By Richard Bleil
So this is it; my bicentennial blog post. I hoped to come up with something that would really wow my readers, but today is already tomorrow and I want to go to bed, so…criticism.
It’s a fair topic. I was speaking with a friend of mine tonight who told me that some of my posts are very good and others, well, maybe not so much. She tells me that my style of writing is often not one that particularly draws her in, and that I need an editor.
To start this topic, let’s take a look at what I consider to be the two types of major criticisms. See, I don’t mind her criticisms. They came from a good place, an open and honest discussion from her heart, her intentions are pure and meant at least to be honest assessment, and perhaps to help me improve. This is healthy criticism and it’s how we learn.
It’s not always easy to hear healthy criticism. On occasion, we all manage to reach that next plateau. Working on a project (be it writing, music, art, science or anything), something just clicks and we hit a level of achievement that is not only a new height, but something beyond what we even believed to be possible for us as individuals. Then, along comes the critic.
I can feel it happen; my walls go up, my emotions begin to swell, and it’s hard to even hear. But, I’ve come to learn that if the criticism is from a good place on the part of the critic, there may be pearls of wisdom that can help me to consistently reach that higher level, or perhaps even advance further, if I can get past that defense.
My trick is to give up on trying to think about what is being said, and instead just listen. Listen, and remember. Smile politely, thank them, and remember. Later, when my emotions have settled back down again, when I realize that regardless of the criticisms I’m nonetheless happy with my own work and where it went, when I’m in the right frame of mind, I think about what was said. I sift through the comments and suggestions, and look to see which are comments with which I agree, and which I can discard.
That did not happen tonight. This woman’s heart is so pure that it cannot be taken negatively, but, neither will I necessarily follow all of her advice. My writing (especially in my books) tends to be sporadic, and it’s a style I do enjoy writing. I’m not convinced that I’ll discard that bit of advice altogether; I may start being a bit more cautious to develop each piece before the next jump, but I’ll likely still make those jumps (depending on the work, of course). She also suggested that I need an editor. Well, amen to that. I’ve felt that way all along.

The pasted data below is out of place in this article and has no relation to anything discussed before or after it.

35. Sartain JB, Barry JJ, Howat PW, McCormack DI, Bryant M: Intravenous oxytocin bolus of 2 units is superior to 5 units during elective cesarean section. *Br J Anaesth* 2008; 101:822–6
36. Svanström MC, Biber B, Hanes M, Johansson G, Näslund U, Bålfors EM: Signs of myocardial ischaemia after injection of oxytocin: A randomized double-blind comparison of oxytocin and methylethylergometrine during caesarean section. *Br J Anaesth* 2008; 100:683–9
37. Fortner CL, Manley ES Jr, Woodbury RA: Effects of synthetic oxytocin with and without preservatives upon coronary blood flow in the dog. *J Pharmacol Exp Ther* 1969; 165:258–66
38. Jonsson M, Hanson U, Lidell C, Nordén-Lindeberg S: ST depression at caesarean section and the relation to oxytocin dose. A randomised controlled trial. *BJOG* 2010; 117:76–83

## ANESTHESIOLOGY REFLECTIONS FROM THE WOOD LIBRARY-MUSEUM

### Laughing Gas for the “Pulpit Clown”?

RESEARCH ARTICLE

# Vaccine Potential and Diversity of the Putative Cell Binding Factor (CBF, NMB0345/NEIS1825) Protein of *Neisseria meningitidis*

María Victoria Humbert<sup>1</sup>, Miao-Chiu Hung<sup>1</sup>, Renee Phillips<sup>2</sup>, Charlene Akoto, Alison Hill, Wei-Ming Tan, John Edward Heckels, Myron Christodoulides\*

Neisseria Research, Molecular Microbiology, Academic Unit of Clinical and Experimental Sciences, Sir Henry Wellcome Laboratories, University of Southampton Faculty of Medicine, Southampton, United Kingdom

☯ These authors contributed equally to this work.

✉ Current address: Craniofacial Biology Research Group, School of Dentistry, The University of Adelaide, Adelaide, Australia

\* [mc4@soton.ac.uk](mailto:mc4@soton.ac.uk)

But there is another kind of criticism, that meant to be hurtful. We’ve all come across hurtful critics, with no advice or intention to be constructive, but rather just intending to tear down the target. We’ve all had these critics in our lives; in high school, one of my fellow classmates (I would not even call him a friend) asked me, at the very end of our senior years, what my plans were. I suggested I was going to get a degree in chemistry, to which he replied, “You? A chemist?” He laughed and walked away.
This is an example of a hurtful criticism. There was no reason for him to say that, there was nothing helpful. “I think you might want to think about…” would have been constructive, or “I’ve noticed this that might hurt…” But, instead he laughed. Of course, this is the same person who said he wanted to be a veterinarian, and would brag about how he puts acid in fish tanks to watch blood come from the gills of the fish. I’m told he is a veterinarian today, but he’ll never touch my pets, that I can promise you.
It’s important to be able to take criticism, and not a skill that everybody has. Today I am sleeping in my “own” bed (I put that in “quotation marks” because it’s actually the guest bed of a friend who is letting me stay for a while until I get my own place) after being gone for about a week. I was in Texas, working with a company that produces a dietary supplement to set up an in-house quality control lab. The company has three full-time employees, the president, the receptionist and the “quality control manager”, a young microbiologist that recently graduated from college. Every time we pointed out something that was incorrect (like the way he was running their spectrophotometer), or a way to improve what they are doing (like the inefficiency of measuring out 13 individual masses of one of their ingredients only to recombine them for the batch), he would become defensive and try to justify the way he was doing it.
I was hired as a consultant because of my advanced degree, industrial analytical chemistry experience, years of teaching analytical chemistry, and knowledge in quantum theory (the foundation of spectroscopy). His defenses did nothing but interfere both with my work as a consultant, and his ability to grow and learn. Honestly, he did a good job getting as far as he did, but the inability to hear and consider criticism makes me doubt that anything I say will improve his performance.
Criticism and advice can be hurtful, but it can, if the intention is pure, also be a great way to grow. I’ve had to learn to listen to such criticism, and I’m a better person for it, and far more skilled than I would be because of my willingness to learn from others.